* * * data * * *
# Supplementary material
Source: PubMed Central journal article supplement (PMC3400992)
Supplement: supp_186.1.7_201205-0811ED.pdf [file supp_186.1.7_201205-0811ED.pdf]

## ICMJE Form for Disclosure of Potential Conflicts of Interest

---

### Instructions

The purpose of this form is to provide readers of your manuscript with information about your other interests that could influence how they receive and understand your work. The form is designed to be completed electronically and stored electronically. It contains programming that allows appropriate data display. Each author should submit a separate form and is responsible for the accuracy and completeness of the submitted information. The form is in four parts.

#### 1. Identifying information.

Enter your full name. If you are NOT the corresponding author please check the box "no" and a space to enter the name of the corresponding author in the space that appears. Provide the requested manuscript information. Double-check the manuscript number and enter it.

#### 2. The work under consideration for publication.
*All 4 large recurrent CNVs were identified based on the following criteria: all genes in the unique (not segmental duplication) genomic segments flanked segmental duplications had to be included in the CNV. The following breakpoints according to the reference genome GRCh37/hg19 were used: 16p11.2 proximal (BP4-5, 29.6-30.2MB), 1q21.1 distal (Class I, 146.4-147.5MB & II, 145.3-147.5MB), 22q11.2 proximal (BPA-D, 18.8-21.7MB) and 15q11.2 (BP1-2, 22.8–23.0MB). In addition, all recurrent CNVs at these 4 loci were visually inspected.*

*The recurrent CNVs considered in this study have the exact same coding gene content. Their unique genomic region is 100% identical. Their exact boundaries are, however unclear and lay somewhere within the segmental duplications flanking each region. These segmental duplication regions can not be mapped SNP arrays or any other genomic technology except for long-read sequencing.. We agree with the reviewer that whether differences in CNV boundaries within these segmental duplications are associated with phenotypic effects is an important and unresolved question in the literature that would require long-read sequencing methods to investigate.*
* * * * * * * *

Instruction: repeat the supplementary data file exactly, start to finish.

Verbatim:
# Supplementary material
Source: PubMed Central journal article supplement (PMC3400992)
Supplement: supp_186.1.7_201205-0811ED.pdf [file supp_186.1.7_201205-0811ED.pdf]

## ICMJE Form for Disclosure of Potential Conflicts of Interest

---

### Instructions

The purpose of this form is to provide readers of your manuscript with information about your other interests that could influence how they receive and understand your work. The form is designed to be completed electronically and stored electronically. It contains programming that allows appropriate data display. Each author should submit a separate form and is responsible for the accuracy and completeness of the submitted information. The form is in four parts.

#### 1. Identifying information.

Enter your full name. If you are NOT the corresponding author please check the box "no" and a space to enter the name of the corresponding author in the space that appears. Provide the requested manuscript information. Double-check the manuscript number and enter it.

#### 2. The work under consideration for publication.
*All 4 large recurrent CNVs were identified based on the following criteria: all genes in the unique (not segmental duplication) genomic segments flanked segmental duplications had to be included in the CNV. The following breakpoints according to the reference genome GRCh37/hg19 were used: 16p11.2 proximal (BP4-5, 29.6-30.2MB), 1q21.1 distal (Class I, 146.4-147.5MB & II, 145.3-147.5MB), 22q11.2 proximal (BPA-D, 18.8-21.7MB) and 15q11.2 (BP1-2, 22.8–23.0MB). In addition, all recurrent CNVs at these 4 loci were visually inspected.*

*The recurrent CNVs considered in this study have the exact same coding gene content. Their unique genomic region is 100% identical. Their exact boundaries are, however unclear and lay somewhere within the segmental duplications flanking each region. These segmental duplication regions can not be mapped SNP arrays or any other genomic technology except for long-read sequencing.. We agree with the reviewer that whether differences in CNV boundaries within these segmental duplications are associated with phenotypic effects is an important and unresolved question in the literature that would require long-read sequencing methods to investigate.*